The inhabitants, villages, and livelihoods in the Damodar chars are marginal from, yet interact with, the people, settlements, and occupations in the lands that lie across the banks of the river. The land beyond is locally known asdanga jami; it is higher and drier land that is almost always beyond the water—the land that most people recognize asland proper.¹ To char dwellers, the world lies within and ends inside the bandhs. It is not unsurprising, then, that char dwellers perceive the land that lies beyond the embankment asbandher bhitarer jami(land lyinginsidethe embankments), that...

  10. CHAPTER 5 Silent Footfalls: Peopling the Chars
    (pp. 98-134)

    The peopling of the Damodar chars took place primarily during the last one hundred years, but it is only since India’s independence that these lands have become well settled. The need to “use” what was seen as “waste” land was the key factor in the earliest phase, when the Maharaja of Burdwan tried to populate the chars by designating them as baze zameen and then granting rights of ownership and access of these lands to certain communities. The chars, however, remained sparsely inhabited until around the early 1900s. In the second, post-Partition phase, chars have experienced waves of immigration of...

  11. CHAPTER 6 Living with Risk: Beyond Vulnerability/Security
    (pp. 135-149)

    The silty and sandy chars lie literally on the margins of land and water worlds, at “edges” where earth and water ecologies and cultures meet on the fringe of human habitation. The human use of these borderline lands throws up a rich reservoir of metaphors (the “edge effect” of “the bringing together of people, ideas and institutions” as described by McCay 2000), unique questions of environmental dynamics and management (EGIS 2000; Sarker et al. 2003), and debates around resilience and adaptation. We are particularly interested in examining poor people’s resilience in marginal and vulnerable environments. The fragility inherent in the...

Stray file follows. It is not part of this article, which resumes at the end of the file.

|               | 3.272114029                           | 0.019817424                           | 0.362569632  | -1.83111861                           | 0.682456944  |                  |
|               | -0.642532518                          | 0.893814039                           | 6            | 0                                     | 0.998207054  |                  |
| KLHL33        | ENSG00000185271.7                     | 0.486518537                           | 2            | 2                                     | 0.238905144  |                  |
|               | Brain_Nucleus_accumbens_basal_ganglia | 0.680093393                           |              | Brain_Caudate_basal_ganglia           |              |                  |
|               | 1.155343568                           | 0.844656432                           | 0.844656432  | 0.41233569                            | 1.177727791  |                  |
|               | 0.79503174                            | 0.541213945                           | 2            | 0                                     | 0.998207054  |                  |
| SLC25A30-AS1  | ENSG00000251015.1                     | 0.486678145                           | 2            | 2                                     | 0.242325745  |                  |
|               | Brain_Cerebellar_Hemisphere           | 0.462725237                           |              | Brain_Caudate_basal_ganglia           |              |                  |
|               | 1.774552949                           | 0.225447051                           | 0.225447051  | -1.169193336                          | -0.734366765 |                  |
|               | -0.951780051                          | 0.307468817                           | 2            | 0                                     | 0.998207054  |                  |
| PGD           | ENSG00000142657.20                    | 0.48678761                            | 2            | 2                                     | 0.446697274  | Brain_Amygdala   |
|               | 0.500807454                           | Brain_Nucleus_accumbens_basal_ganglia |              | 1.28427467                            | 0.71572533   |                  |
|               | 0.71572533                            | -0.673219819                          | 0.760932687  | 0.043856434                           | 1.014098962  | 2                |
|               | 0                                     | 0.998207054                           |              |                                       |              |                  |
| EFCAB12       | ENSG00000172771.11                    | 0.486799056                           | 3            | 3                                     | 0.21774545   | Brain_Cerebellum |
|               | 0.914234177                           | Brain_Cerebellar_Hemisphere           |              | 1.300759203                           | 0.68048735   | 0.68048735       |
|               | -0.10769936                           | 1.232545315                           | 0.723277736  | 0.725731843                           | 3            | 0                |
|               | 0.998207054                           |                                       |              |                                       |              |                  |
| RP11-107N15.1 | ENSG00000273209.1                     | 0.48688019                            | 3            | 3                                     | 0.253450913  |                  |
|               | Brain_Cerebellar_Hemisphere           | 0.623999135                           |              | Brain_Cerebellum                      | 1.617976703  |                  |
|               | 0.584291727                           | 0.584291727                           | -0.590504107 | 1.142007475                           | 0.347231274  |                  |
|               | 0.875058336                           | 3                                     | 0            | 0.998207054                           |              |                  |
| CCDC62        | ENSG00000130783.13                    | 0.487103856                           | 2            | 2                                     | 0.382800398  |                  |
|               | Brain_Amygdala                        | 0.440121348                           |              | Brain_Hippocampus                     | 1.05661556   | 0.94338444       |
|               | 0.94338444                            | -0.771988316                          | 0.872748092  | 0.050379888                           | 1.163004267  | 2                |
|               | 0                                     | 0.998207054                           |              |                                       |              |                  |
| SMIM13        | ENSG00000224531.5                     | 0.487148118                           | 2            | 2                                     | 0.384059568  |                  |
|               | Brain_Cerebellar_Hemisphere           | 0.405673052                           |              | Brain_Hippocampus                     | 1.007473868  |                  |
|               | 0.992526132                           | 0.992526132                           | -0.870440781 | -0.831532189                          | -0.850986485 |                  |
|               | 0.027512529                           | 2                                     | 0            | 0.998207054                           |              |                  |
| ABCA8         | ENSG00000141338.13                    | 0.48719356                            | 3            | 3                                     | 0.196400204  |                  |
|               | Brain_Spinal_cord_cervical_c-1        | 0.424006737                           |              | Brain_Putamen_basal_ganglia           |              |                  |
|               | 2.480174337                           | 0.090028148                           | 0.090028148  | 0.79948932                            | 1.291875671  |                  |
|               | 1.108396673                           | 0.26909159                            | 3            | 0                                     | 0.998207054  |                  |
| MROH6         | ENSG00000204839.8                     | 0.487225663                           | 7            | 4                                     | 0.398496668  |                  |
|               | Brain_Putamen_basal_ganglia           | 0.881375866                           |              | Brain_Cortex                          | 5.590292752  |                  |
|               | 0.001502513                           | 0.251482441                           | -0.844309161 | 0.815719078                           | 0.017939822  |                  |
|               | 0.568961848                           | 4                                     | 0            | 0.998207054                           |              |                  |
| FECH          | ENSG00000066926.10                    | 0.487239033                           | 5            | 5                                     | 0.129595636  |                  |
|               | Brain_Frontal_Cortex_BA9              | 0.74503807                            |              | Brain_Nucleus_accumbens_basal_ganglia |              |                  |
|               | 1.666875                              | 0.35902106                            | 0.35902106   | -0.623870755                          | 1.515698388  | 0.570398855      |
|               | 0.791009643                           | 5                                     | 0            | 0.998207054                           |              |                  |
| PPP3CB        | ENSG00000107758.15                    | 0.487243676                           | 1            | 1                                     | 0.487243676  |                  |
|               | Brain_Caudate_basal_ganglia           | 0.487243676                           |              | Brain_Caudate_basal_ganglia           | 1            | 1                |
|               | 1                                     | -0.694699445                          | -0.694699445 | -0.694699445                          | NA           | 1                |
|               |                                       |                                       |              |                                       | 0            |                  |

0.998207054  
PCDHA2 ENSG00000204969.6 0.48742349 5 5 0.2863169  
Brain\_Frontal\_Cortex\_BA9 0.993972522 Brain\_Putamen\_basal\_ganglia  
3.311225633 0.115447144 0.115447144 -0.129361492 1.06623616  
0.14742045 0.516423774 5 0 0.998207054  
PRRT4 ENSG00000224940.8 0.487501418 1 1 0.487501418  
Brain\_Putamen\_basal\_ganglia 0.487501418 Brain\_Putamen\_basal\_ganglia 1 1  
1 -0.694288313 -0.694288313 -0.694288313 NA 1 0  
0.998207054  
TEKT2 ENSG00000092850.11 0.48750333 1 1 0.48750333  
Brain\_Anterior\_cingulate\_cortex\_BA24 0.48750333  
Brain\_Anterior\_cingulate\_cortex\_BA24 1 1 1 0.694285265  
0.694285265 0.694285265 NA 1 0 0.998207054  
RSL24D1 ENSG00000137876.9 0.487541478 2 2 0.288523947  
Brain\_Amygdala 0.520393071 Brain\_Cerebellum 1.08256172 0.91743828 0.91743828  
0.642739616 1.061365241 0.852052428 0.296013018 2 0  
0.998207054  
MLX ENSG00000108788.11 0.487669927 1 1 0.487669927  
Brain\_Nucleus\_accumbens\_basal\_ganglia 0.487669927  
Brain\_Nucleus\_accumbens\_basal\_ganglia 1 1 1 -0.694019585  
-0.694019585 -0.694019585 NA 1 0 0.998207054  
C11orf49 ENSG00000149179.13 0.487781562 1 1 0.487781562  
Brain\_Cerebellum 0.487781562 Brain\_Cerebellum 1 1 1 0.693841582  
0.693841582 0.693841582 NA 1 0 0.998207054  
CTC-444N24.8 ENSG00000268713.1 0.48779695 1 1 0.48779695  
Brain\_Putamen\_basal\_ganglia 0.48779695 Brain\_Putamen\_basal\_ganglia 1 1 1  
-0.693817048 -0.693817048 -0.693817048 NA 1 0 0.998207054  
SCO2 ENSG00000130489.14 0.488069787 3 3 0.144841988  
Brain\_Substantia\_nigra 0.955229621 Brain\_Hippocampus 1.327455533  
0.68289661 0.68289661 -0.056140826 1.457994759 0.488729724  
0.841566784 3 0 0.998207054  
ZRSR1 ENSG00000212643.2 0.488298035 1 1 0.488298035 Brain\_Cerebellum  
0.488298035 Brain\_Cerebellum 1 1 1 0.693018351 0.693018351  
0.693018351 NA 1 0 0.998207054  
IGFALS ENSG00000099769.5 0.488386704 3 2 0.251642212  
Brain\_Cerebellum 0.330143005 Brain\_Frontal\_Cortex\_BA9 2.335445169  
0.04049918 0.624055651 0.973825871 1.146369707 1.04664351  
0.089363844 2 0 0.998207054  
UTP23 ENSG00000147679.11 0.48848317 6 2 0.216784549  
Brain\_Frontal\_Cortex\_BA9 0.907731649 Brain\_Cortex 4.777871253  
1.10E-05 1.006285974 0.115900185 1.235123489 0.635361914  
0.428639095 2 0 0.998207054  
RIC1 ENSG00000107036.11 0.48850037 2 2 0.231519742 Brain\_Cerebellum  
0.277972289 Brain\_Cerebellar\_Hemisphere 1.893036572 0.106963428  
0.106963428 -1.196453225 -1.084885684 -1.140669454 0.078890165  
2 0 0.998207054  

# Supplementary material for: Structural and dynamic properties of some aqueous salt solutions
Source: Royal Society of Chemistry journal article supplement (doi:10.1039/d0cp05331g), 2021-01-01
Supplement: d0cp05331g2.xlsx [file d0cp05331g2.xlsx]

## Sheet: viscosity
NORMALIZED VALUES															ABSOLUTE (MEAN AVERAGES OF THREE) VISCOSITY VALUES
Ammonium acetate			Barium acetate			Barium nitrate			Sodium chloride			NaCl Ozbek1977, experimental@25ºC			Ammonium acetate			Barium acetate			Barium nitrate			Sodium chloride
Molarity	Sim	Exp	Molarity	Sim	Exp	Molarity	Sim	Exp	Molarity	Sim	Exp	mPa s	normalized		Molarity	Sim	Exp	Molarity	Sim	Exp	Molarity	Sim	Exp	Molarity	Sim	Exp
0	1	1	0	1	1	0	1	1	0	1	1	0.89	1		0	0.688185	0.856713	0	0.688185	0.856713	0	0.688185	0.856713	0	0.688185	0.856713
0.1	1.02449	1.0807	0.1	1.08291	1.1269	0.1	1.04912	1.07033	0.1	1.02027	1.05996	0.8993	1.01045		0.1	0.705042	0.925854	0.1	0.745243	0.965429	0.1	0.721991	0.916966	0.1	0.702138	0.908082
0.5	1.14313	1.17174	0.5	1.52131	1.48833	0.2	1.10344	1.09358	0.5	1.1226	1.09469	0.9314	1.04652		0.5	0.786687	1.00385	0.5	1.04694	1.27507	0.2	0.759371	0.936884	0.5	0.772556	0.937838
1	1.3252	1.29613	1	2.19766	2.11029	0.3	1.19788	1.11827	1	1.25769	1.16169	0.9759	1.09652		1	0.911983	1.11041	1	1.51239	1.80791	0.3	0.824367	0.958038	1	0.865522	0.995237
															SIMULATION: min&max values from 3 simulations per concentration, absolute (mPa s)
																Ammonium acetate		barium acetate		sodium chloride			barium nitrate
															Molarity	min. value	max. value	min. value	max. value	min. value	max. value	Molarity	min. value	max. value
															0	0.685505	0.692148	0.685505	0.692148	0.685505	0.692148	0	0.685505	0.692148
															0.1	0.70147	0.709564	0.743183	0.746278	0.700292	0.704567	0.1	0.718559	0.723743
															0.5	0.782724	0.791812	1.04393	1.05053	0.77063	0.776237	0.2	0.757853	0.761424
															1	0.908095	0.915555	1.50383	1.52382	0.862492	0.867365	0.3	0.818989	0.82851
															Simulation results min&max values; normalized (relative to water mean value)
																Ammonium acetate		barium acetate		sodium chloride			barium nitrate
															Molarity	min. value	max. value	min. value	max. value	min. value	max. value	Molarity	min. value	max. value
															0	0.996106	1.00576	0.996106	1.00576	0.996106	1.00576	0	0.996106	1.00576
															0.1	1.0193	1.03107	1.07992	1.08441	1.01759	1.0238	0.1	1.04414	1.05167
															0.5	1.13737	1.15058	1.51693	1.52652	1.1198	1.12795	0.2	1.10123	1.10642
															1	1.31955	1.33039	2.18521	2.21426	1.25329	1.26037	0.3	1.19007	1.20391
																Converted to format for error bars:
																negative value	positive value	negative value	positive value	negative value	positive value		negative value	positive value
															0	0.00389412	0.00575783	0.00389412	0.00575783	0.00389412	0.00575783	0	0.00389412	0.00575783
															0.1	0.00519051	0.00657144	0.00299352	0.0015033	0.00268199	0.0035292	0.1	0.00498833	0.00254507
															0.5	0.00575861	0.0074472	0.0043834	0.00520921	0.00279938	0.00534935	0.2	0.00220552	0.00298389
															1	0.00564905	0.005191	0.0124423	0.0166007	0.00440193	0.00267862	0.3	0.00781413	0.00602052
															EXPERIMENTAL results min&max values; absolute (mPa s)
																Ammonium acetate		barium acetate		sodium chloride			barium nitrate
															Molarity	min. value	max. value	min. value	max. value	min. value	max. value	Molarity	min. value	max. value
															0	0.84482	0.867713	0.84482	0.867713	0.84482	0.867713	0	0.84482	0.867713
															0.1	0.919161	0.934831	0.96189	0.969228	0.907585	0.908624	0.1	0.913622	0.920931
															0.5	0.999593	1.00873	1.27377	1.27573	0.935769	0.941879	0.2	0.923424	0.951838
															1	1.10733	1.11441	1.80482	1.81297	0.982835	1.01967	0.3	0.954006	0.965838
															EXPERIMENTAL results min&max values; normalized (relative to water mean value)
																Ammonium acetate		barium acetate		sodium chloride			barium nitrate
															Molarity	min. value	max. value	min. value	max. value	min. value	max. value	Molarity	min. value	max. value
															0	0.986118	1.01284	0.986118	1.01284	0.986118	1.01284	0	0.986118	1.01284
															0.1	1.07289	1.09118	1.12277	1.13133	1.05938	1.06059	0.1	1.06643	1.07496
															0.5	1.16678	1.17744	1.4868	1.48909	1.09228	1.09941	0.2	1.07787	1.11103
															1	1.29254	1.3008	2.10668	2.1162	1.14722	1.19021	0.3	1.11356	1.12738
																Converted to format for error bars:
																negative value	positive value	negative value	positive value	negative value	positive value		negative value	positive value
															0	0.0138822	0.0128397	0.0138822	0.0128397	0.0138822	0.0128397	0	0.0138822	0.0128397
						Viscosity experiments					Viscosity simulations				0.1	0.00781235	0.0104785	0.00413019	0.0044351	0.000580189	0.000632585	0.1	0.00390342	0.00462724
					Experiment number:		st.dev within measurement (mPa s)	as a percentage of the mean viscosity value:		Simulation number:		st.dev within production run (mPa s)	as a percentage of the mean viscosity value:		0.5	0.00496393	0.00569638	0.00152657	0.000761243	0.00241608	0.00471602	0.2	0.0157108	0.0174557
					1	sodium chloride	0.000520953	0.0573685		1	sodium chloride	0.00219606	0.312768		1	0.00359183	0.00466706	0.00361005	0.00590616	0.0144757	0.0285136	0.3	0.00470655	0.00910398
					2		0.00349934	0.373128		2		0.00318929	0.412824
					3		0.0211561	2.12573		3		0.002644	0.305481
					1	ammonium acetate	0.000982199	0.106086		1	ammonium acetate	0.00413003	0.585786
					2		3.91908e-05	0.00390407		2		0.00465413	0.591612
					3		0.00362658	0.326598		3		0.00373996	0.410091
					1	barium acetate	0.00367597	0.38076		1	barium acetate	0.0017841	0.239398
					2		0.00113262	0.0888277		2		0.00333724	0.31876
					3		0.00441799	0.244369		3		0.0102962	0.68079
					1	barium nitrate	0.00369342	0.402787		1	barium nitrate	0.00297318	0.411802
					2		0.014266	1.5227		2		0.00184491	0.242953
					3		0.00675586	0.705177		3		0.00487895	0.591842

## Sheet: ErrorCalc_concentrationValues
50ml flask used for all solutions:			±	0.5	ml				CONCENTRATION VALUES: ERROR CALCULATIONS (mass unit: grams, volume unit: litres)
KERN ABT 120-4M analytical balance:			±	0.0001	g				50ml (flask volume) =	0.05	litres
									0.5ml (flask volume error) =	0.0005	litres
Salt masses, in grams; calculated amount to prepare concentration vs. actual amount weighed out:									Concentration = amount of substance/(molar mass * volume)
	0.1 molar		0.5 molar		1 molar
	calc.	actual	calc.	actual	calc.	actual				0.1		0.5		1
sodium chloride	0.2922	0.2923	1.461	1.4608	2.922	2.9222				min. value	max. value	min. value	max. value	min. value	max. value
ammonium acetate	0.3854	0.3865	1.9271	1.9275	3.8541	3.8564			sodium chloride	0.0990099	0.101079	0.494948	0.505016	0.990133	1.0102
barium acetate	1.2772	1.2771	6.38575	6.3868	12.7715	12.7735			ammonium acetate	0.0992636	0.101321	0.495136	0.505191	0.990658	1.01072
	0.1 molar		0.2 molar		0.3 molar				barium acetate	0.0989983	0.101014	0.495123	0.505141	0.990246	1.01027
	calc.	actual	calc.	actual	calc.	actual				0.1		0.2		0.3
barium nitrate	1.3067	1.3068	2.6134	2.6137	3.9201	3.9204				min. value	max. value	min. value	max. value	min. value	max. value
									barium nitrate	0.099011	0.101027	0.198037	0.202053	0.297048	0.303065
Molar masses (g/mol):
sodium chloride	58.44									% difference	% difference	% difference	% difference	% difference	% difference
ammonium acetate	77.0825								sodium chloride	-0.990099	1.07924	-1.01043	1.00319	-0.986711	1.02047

12. CHAPTER 7 Livelihoods Defined by Water: Nadir Sathe Baas
    (pp. 150-199)

    Char dwellers survive in an environment that is characterized by extreme resource constraints. In the earlier chapters, it was shown that floods and riverbank erosion affect their living conditions the most, constantly making them aware of the fragility of their daily lives. The exclusion from mainland services and poor availability of infrastructure also exacerbate their vulnerabilities. To live here means to survive somehow, “konomate benche thaka,” as one char dweller put it. Such living requires that every bit of any local resource is put to use. Water from the river as well as from below the sand on the riverbed...

  13. CHAPTER 8 Living on Chars, Drifting with Rivers
    (pp. 200-208)

    Coming from two different ecological contexts, the first from the lands of sand and thirst and the second from the floodplains of the Ganga, which are one of the wetter parts of the world, the two epigraphs both reflect a passionate, age-old reverence and respect for and attachment to water. Of water in all its forms, rivers have probably been the most loved by humans. As the ancient Egyptians intuitively realized, water flowing in the rivers is one of the most powerful and awe-inspiring of all natural forces, and we are dependent on it. Other cultures have attributed primacy to...

  14. Appendix: Full Census Data for Surveyed Chars
    (pp. 209-216)
  15. Notes
    (pp. 217-230)
  16. Glossary
    (pp. 231-236)
  17. References
    (pp. 237-262)
  18. Index
    (pp. 263-272)
  19. Back Matter
    (pp. 273-274)